Most stress coping strategies discussed above require time to implement. What if you need an immediate response to the stressor?
Fortunately, there are several stress coping mechanisms that you can apply to instant situations.
Below are the eight major coping mechanisms you can use to reduce stress related to your job, school activities, relationship, etc.:
Objectivity – this involves separating negative thoughts from good thoughts. This allows you to have a clear understanding of the issue at hand.
As a result, you can be objective enough to design appropriate actions.
Logical analysis – the systematic analysis of the problem at hand allows you to have realistic plans that may lead to an effective solution.
Concentration – the ability to ignore disturbing thoughts and feelings in order to focus on the task at hand.
Empathy – the ability to predict and analyse other people’s actions and feelings so that your actions will be aligned with other people’s feelings.
Playfulness – “the ability to use past feelings, ideas and behaviors appropriately to enrich the solution of problems and to add enjoyment to life”.
Tolerance of ambiguity – the ability to handle the ambiguous situation and to formulate clear and effective solutions even in complicated situations.
Suppression – the ability to hold one’s emotion and thoughts and be able to wait an appropriate time to express such emotions.
Substitution of thoughts and emotions – the ability to consciously change or substitute negative thoughts with positive ones in order to meet the demands of the situations.
Stress in academic settings
The study of Gladys Nakalema and Joseph Ssenyonga (2013) entitled “Academic Stress: Its Causes and Results at a Ugandan University” suggests that stress is negatively affecting the overall academic life of university students.
The stressors of college students are numerous. It includes absence from home, the pressure to meet new friends, academic pressures and many more.
The question is what university students can do in order to reduce or cure their stress?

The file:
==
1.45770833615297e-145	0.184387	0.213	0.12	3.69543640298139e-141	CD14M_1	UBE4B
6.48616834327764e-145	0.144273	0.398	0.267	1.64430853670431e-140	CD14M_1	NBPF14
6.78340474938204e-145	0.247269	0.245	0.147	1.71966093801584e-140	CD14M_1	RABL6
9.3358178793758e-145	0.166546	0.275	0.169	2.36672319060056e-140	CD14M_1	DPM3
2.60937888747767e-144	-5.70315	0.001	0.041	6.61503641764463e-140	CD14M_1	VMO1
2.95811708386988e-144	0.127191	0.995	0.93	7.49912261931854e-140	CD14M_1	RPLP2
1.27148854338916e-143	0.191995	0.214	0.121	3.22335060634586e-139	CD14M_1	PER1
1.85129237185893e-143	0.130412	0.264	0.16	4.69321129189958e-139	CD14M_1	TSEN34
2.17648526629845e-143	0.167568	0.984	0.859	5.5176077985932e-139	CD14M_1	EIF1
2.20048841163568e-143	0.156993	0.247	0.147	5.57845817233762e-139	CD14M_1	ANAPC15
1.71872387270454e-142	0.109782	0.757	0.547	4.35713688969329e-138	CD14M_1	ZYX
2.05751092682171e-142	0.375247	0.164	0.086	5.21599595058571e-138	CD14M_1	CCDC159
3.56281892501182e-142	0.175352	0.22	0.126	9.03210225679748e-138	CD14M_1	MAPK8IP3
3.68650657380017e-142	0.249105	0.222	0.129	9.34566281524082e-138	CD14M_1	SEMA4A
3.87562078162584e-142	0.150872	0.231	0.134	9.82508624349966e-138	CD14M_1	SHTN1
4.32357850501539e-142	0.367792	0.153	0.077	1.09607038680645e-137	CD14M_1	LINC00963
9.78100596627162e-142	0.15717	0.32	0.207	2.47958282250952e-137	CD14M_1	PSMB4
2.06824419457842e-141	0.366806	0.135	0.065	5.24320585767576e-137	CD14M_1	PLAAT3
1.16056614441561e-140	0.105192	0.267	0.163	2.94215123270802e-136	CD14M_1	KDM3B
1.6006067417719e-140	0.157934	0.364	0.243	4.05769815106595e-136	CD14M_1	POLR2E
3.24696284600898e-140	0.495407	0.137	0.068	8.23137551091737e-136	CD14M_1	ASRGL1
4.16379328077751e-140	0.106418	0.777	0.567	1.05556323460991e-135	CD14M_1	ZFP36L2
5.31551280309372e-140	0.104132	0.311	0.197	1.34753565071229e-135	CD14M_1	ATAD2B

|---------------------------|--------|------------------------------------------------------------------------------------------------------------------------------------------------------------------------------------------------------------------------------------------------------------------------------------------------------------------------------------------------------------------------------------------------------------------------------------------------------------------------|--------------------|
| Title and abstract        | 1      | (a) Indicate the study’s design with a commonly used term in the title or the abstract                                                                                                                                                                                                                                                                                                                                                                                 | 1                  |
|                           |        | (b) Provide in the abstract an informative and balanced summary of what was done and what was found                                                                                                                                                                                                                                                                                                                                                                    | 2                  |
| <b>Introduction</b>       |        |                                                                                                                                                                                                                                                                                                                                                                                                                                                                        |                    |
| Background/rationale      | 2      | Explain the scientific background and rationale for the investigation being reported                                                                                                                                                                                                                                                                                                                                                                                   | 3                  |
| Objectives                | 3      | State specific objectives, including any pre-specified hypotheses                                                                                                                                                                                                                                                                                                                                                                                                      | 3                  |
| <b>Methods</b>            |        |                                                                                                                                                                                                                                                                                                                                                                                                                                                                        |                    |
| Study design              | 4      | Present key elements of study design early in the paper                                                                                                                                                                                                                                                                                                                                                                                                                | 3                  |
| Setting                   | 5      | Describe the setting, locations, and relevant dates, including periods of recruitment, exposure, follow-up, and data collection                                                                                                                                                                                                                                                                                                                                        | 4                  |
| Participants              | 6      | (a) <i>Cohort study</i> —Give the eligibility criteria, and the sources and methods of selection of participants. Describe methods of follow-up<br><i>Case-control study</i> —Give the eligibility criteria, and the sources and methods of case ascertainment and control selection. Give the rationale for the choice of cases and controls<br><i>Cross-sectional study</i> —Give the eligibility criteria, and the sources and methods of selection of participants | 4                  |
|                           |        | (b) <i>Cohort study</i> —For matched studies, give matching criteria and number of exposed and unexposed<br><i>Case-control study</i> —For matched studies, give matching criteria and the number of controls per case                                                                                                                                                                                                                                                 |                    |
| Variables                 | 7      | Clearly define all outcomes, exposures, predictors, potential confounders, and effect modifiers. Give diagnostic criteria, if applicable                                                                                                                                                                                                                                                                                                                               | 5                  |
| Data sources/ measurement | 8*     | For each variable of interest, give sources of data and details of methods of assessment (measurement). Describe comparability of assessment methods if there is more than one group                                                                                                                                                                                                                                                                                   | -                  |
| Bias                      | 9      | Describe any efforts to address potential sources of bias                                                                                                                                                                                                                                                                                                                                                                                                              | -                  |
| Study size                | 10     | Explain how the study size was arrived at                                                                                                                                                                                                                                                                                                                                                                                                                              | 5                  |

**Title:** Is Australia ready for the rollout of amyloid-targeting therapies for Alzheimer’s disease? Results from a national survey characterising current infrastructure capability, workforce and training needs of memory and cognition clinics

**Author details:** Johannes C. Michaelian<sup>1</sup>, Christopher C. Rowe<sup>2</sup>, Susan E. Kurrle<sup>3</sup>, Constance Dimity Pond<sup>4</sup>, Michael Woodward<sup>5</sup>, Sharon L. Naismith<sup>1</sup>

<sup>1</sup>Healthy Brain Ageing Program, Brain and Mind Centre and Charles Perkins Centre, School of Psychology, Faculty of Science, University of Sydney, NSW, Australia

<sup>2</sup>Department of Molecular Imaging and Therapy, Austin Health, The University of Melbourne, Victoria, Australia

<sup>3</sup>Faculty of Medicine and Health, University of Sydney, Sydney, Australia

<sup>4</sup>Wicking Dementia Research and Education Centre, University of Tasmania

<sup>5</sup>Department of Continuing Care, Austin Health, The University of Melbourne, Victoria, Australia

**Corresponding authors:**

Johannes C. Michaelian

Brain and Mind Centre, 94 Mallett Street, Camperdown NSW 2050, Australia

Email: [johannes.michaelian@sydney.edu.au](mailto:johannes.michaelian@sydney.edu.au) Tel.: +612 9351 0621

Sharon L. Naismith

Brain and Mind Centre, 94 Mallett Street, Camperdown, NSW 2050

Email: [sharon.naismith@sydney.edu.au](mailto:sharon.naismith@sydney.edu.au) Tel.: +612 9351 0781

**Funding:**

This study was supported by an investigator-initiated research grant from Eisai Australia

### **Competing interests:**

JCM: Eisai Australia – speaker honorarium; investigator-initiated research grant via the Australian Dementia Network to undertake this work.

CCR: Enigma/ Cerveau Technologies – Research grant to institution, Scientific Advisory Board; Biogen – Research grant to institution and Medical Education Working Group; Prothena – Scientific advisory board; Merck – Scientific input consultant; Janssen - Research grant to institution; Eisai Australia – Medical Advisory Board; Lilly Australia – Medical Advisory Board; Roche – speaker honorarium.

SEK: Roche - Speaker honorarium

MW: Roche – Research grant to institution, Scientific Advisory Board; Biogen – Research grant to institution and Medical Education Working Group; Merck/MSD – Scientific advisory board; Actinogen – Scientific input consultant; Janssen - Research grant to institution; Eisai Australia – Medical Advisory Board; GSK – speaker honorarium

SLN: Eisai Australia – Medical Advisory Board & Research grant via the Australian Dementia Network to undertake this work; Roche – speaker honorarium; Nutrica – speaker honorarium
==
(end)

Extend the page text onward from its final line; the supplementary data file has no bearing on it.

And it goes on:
Below are some of the effective techniques to reduce stress among college students (or high school students).
Stress coping strategies among students:
1. Assess stressors and change your responses. This process involves evaluating what makes you stressful and to understand them.
Once you find what causes your stress, focus on it.
The next phase is to change your responses. Try to remain calm and focused during a stressful situation.
This will allow you to act appropriately and effectively.
2. Find people who understand you (e.g. family members, friends, classmates, or school counsellors). Social support is one of the most effective ways of coping stress.
3. Learn to laugh. Laughing is the most effective medicine.
Previous scientific studies had found that laughing promotes positive well-being and healthy body. Good news is it’s free!
4. Plan your school activities. Planning is very important in students’ lives.
If you plan all your academic works, you will smoothly sail in your academic journey.
Students who do not plan are most likely cram during exams and deadlines.
Be cautious, cramming is not only bad for your grades; it also affects your health.
5. Relax. Too much of good thing is bad thing. You’re not a robot. Your body needs time to recover all the energy that you spent.
Have a break.
6. Eat healthy foods. Most of the time, students consume instant foods (instant coffee, instant noodles, etc.).
Instant foods are not healthy. Eating those kinds of foods can cause another harm to your body.
7. Mange your finances. Learn the art of frugality. Spend your money only on important needs not wants.
8. Develop mindfulness. This involves interacting with your environment, focusing on positive emotions, and objective reasoning.
We all experience stress at some point of our lives if not all the time. It is the result of our cognitive evaluation on everything that happens around us.
People who most of the time view things negatively are the people who have high level of stress. Thus, stress is a result of negative thinking.
Stress is manageable and can be avoided or reduced simply by adjusting or changing our way of thinking.
We all might see the same thing or event but interpret it differently. Some have positive view, while others’ negative.
To avoid stress, change your way of seeing things. Try to find positive side of a negative event. Don’t focus on its negativity because it’s already negative.
Instead, view it using other lens and you’ll see that what makes negative things negative, is your mind.
You are the only one who colors everything that surrounds you.